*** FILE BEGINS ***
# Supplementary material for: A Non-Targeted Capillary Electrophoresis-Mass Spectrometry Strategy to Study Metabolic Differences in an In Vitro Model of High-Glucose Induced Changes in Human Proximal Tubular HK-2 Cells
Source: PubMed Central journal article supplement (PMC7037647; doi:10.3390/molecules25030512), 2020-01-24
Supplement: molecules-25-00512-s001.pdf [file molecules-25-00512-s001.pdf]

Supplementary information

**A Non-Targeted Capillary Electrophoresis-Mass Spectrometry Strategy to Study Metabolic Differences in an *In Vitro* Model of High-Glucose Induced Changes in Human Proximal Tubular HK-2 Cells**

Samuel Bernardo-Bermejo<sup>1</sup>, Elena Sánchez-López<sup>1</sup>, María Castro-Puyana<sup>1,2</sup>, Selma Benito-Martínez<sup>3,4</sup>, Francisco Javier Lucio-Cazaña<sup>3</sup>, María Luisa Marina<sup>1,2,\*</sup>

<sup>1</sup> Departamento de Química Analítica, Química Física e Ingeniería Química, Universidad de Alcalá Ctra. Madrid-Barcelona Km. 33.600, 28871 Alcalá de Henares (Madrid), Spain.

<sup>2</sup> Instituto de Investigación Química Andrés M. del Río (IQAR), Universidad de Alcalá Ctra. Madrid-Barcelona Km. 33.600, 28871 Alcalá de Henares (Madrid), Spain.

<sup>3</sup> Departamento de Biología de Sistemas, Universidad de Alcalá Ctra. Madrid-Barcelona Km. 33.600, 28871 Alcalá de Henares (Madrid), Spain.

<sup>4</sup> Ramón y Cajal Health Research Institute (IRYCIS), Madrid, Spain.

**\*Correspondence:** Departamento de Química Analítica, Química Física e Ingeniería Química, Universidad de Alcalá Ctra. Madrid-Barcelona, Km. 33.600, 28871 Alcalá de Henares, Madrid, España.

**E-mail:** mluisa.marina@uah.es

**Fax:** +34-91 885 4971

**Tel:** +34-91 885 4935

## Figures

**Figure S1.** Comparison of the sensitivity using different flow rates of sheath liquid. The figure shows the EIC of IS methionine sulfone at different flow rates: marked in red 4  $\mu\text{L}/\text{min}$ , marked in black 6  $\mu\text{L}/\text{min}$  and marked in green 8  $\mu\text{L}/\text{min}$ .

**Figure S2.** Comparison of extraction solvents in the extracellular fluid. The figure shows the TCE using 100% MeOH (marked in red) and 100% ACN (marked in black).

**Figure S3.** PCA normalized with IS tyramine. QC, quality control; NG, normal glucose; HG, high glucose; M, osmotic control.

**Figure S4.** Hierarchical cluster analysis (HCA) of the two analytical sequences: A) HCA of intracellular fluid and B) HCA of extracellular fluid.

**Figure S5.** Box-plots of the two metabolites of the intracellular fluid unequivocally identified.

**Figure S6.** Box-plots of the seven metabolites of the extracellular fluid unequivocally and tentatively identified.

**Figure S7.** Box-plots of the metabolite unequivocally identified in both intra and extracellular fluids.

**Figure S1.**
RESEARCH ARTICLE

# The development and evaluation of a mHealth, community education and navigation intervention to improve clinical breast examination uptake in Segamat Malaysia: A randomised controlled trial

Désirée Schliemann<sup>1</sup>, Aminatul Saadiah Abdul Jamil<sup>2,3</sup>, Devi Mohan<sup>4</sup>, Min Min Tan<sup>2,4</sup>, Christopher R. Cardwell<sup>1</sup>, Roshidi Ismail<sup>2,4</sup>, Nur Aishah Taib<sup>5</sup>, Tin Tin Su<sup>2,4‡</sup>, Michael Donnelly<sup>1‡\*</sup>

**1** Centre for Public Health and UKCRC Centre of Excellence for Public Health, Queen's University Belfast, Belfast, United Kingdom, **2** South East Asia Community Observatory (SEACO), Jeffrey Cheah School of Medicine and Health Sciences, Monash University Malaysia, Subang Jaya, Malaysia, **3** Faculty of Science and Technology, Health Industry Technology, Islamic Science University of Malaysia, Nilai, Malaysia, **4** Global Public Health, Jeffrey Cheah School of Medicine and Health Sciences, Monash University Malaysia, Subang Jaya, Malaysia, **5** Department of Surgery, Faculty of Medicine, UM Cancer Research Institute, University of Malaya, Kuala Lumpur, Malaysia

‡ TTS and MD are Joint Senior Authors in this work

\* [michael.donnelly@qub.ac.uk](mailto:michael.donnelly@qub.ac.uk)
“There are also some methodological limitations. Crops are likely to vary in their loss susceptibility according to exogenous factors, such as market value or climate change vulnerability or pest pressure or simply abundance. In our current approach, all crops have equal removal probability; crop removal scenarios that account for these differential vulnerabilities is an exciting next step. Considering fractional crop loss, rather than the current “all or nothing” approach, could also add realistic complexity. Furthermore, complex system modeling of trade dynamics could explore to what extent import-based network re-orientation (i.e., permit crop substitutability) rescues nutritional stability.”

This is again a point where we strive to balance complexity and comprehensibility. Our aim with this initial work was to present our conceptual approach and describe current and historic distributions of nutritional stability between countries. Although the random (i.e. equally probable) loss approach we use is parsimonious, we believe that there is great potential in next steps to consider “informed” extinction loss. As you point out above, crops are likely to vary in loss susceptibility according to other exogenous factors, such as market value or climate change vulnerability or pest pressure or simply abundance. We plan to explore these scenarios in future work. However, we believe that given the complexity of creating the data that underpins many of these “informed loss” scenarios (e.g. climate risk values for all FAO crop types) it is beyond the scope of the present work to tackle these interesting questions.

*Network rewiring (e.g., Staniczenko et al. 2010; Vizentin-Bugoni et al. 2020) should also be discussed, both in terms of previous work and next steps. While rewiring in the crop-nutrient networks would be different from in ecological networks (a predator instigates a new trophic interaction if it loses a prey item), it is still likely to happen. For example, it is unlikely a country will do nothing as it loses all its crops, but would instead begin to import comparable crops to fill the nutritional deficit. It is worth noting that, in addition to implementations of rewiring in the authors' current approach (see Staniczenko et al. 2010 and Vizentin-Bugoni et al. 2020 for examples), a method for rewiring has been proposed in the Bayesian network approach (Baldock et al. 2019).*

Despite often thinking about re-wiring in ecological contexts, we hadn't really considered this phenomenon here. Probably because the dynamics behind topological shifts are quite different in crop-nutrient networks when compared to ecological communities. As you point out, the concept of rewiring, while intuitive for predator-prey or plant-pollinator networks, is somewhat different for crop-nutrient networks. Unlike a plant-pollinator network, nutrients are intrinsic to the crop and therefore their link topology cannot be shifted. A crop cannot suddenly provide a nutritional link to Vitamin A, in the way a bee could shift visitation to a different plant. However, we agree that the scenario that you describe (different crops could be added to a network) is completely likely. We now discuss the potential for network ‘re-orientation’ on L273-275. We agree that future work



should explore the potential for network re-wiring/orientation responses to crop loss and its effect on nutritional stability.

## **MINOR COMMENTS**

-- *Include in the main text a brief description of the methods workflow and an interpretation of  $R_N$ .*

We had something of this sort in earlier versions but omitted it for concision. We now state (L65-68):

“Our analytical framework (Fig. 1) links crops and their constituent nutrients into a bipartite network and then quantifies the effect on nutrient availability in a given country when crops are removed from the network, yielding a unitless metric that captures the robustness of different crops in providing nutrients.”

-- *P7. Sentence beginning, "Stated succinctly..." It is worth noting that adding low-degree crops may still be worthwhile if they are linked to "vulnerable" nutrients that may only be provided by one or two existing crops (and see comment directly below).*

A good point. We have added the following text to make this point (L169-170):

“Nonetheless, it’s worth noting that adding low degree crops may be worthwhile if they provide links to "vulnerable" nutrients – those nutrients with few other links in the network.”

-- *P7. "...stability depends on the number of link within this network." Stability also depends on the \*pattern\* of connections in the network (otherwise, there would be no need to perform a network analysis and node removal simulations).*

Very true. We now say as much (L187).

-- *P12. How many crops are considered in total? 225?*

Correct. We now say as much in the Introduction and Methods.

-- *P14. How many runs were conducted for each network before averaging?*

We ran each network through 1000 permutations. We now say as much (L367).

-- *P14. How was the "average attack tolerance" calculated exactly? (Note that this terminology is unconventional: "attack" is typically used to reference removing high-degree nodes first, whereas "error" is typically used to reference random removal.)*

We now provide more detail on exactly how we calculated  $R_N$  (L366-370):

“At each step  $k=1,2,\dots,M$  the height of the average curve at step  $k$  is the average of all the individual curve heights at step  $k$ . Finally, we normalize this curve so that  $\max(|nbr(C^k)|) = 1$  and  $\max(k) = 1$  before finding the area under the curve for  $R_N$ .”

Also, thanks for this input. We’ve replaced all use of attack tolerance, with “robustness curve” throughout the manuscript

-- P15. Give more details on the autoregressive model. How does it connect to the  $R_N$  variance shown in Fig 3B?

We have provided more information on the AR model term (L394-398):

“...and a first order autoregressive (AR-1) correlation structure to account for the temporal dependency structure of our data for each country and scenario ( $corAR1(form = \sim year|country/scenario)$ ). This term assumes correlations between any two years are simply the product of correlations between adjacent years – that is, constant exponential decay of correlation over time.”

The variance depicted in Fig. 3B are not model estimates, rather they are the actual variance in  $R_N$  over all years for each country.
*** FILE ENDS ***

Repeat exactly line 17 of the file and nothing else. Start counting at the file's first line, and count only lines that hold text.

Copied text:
**Figure S2.** Comparison of extraction solvents in the extracellular fluid. The figure shows the TCE using 100% MeOH (marked in red) and 100% ACN (marked in black).